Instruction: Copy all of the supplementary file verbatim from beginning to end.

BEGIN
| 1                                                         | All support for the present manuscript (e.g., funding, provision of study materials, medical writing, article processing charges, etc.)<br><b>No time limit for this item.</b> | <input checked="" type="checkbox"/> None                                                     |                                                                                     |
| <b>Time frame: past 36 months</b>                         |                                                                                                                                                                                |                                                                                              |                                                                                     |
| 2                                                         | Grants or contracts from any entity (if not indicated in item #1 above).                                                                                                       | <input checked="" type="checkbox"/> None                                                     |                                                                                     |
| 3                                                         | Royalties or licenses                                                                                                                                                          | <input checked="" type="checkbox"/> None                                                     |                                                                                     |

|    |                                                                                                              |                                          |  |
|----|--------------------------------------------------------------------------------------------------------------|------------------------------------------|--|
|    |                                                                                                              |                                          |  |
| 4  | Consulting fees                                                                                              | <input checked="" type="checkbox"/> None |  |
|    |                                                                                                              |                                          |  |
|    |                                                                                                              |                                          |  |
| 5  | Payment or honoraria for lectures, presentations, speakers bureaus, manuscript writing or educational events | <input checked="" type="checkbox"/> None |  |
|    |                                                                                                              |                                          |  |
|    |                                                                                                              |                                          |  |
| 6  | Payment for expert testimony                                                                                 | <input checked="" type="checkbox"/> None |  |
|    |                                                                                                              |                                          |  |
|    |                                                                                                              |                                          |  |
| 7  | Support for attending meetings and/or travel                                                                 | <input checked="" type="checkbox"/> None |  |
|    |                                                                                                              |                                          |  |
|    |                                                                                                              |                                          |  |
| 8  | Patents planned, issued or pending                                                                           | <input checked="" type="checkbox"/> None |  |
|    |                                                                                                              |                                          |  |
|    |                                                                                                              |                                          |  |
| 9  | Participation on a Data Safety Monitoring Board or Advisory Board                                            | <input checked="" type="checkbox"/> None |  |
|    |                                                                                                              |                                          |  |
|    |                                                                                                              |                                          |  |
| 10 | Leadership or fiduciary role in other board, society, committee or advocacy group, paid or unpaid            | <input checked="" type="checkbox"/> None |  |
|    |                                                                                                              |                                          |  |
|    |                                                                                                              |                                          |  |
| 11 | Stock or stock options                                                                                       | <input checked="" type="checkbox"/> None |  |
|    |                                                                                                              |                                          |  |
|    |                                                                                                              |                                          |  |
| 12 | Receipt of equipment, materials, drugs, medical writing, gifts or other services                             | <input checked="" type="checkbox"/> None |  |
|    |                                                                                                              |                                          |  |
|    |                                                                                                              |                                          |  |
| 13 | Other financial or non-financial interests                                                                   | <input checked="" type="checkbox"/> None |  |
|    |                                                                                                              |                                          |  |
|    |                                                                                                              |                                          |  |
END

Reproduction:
| 1                                                         | All support for the present manuscript (e.g., funding, provision of study materials, medical writing, article processing charges, etc.)<br><b>No time limit for this item.</b> | <input checked="" type="checkbox"/> None                                                     |                                                                                     |
| <b>Time frame: past 36 months</b>                         |                                                                                                                                                                                |                                                                                              |                                                                                     |
| 2                                                         | Grants or contracts from any entity (if not indicated in item #1 above).                                                                                                       | <input checked="" type="checkbox"/> None                                                     |                                                                                     |
| 3                                                         | Royalties or licenses                                                                                                                                                          | <input checked="" type="checkbox"/> None                                                     |                                                                                     |

|    |                                                                                                              |                                          |  |
|----|--------------------------------------------------------------------------------------------------------------|------------------------------------------|--|
|    |                                                                                                              |                                          |  |
| 4  | Consulting fees                                                                                              | <input checked="" type="checkbox"/> None |  |
|    |                                                                                                              |                                          |  |
|    |                                                                                                              |                                          |  |
| 5  | Payment or honoraria for lectures, presentations, speakers bureaus, manuscript writing or educational events | <input checked="" type="checkbox"/> None |  |
|    |                                                                                                              |                                          |  |
|    |                                                                                                              |                                          |  |
| 6  | Payment for expert testimony                                                                                 | <input checked="" type="checkbox"/> None |  |
|    |                                                                                                              |                                          |  |
|    |                                                                                                              |                                          |  |
| 7  | Support for attending meetings and/or travel                                                                 | <input checked="" type="checkbox"/> None |  |
|    |                                                                                                              |                                          |  |
|    |                                                                                                              |                                          |  |
| 8  | Patents planned, issued or pending                                                                           | <input checked="" type="checkbox"/> None |  |
|    |                                                                                                              |                                          |  |
|    |                                                                                                              |                                          |  |
| 9  | Participation on a Data Safety Monitoring Board or Advisory Board                                            | <input checked="" type="checkbox"/> None |  |
|    |                                                                                                              |                                          |  |
|    |                                                                                                              |                                          |  |
| 10 | Leadership or fiduciary role in other board, society, committee or advocacy group, paid or unpaid            | <input checked="" type="checkbox"/> None |  |
|    |                                                                                                              |                                          |  |
|    |                                                                                                              |                                          |  |
| 11 | Stock or stock options                                                                                       | <input checked="" type="checkbox"/> None |  |
|    |                                                                                                              |                                          |  |
|    |                                                                                                              |                                          |  |
| 12 | Receipt of equipment, materials, drugs, medical writing, gifts or other services                             | <input checked="" type="checkbox"/> None |  |
|    |                                                                                                              |                                          |  |
|    |                                                                                                              |                                          |  |
| 13 | Other financial or non-financial interests                                                                   | <input checked="" type="checkbox"/> None |  |
|    |                                                                                                              |                                          |  |
|    |                                                                                                              |                                          |  |